Steven Weinberg


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Weinberg, Steven,

1933–, American nuclear physicist, b. New York City, Ph.D. Princeton, 1957. Since 1982 he has been a professor at the Univ. of Texas at Austin, having previously been on the faculties of Columbia, the Univ. of California, Berkeley, the Massachusetts Institute of Technology, and Harvard. He helped develop important theories of electromagnetic and nuclear particle interaction that were experimentally verified in 1982–83 when Carlo RubbiaRubbia, Carlo,
1934–, Italian physicist, Ph.D. Univ. of Pisa, 1957. A professor of physics at the Univ. of Rome and later at Harvard, Rubbia did his most important work with Simon van der Meer at CERN.
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 and Simon van der Meervan der Meer, Simon,
1925–2011, Dutch physical engineer. He spent nearly his entire career at CERN, where he did his most important work with Carlo Rubbia. They discovered the W and Z particles, which convey the weak force, one of nature's four fundamental forces (see weak
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 identified the subatomic particles W and Z. In 1979, Weinberg shared the Nobel Prize in Physics with Abdus SalamSalam, Abdus,
1926–96, Pakistani physicist. After attending Government College at Lahore, he received a Ph.D. from Cambridge (1952). He taught in Lahore for three years before returning to England, first teaching mathematics at Cambridge (1954–57), then moving to
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 and Lee GlashowGlashow, Sheldon Lee
, 1932–, American physicist, b. New York City, Ph.D. Harvard, 1959. He became a professor at the Univ. of California at Berkeley in 1961 before moving to Harvard in 1967.
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. Among Weinberg's works are The First Three Minutes: A Modern View of the Origin of the Universe (1977) and Dreams of a Final Theory: The Scientist's Search for the Ultimate Laws of Nature (1993). His To Explain the World: The Discovery of Modern Science (2015) is a personal account of the developments that led to modern science.

Weinberg, Steven

(1933–  ) physicist; born in New York City. He was an instructor at Columbia University (1957–59) before moving to the University of California: Berkeley (1959–69). In 1967 he produced a gauge symmetry theory that correctly predicted that electromagnetic and weak nuclear forces are identical at extremely high energies. The theory also predicted the weak neutral current, confirmed by particle accelerator experiments in 1973. As this theory was also independently developed by Pakistani physicist Abdus Salam, and extended by Sheldon Glashow, all three scientists shared the 1979 Nobel Prize in physics. Weinberg pursued his theoretical investigations in the unification of the fundamental forces of the universe at the Massachusetts Institute of Technology (1969–73) and Harvard (1973–83). He joined the University of Texas (1982) and concurrently became a consultant at the Smithsonian Astrophysical Laboratory (1983).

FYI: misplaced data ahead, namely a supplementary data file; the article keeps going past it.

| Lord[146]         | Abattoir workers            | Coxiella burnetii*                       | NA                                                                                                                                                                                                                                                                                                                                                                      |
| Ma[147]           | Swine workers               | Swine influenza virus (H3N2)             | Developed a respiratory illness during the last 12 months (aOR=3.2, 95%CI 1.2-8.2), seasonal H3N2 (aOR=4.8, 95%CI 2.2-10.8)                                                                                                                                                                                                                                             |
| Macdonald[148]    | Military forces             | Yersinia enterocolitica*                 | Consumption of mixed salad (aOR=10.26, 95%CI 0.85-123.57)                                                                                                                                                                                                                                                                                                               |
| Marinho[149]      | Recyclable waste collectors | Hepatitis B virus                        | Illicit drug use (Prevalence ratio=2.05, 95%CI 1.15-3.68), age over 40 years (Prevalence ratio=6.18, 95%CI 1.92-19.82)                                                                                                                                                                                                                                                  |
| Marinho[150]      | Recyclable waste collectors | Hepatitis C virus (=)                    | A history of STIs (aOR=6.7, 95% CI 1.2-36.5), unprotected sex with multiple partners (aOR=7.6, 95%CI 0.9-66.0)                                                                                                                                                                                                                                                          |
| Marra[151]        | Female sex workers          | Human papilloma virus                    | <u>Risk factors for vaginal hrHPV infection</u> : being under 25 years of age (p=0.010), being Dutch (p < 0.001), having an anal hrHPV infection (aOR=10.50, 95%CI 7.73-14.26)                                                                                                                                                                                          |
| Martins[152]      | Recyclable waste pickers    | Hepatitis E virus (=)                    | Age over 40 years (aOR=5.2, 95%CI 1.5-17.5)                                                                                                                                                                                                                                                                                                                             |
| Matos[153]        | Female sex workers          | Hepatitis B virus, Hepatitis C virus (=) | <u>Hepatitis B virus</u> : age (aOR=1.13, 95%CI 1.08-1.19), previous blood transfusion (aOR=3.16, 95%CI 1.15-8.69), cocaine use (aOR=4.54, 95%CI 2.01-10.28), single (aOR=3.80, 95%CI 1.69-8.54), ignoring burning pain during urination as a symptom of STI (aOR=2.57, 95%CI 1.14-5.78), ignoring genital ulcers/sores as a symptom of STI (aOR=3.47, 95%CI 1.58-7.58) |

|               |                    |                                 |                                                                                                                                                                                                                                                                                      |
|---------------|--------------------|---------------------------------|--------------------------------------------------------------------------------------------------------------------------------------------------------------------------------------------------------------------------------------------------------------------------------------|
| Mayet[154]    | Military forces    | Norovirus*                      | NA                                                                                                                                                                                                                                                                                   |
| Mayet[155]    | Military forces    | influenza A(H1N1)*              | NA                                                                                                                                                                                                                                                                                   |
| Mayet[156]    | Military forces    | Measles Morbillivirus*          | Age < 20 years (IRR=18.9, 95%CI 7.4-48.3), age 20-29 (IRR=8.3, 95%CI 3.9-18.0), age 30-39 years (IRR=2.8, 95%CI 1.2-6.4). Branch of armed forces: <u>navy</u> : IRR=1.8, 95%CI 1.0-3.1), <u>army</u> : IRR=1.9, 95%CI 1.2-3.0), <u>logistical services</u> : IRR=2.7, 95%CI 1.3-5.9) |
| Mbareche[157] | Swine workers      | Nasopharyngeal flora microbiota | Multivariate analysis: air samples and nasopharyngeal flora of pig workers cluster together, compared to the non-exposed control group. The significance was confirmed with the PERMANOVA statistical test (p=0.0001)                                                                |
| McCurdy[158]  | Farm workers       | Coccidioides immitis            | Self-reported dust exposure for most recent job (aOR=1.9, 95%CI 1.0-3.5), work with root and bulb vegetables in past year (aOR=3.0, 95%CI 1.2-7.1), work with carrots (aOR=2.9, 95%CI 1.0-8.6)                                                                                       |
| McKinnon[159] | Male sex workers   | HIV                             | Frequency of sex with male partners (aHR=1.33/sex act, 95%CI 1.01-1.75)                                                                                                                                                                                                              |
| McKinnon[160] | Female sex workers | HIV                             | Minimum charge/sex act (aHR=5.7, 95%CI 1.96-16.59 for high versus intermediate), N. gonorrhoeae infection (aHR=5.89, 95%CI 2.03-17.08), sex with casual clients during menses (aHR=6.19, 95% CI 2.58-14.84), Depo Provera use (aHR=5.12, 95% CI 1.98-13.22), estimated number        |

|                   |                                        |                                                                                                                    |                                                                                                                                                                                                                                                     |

References in periodicals archive ?
Steven Weinberg, Dreams of a Final Theory (Pantheon, New York, 1992), 255-256.
He reportedly received a string of international prizes and honours for his groundbreaking work in the world of subatomic physics, while in 1979, he shared the Nobel Prize with Steven Weinberg for his research on the Standard Model of particle physics, which theorized that fundamental forces govern the overall dynamics of the universe.
The famed 1980s New York City graffiti artist who went by "Neo" turns out to have been a cop named Steven Weinberg.
Finally, Martin Riexinger shows how and why the Pakistani physicist (and Nobel laureate with Steven Weinberg for their unification of the electromagnetic and weak nuclear forces) Abdus Salam kept his Ahmadiyya Muslim faith separate from his science.
Currently researching elementary particles and cosmology at the University of Texas, Austin, Steven Weinberg shared the 1979 Nobel Prize for physics.
The science and religion conference reported in The New York Times some time ago expresses the final manifesto by Steven Weinberg and others that "anything that we scientists can do to weaken the hold of religion should be done and may in the end be our greatest contribution to civilization.
Hawking and notable figures with like positions, such as Brian Greene and Steven Weinberg, are sufficiently astute to recognize that another outcome is possible, namely, that there will be no end to the procession of scientific discoveries.
These are the conditions at the beginning of the universe some ten billion years ago, at the "big bang," as described by Nobel Prize-winning physicist Steven Weinberg in this classic.
Meanwhile, Nobel Prize-winning physicist and 2002 Humanist of the Year Steven Weinberg calls for the abandonment of all forms of religiously motivated self-destructiveness--from suicide bombings to traditions of ascetic self-sacrifice.
For a magisterial refutation of the Anthropic Principle, see Steven Weinberg, "A Designer Universe?
The physicist Steven Weinberg once remarked that until we have truly solved a problem we do not know how deep it really is.
Tilby interviewed people of such disparate backgrounds as cosmologists Stephen Hawking, physicist Steven Weinberg, geologian Thomas Berry and creation theologian Matthew Fox.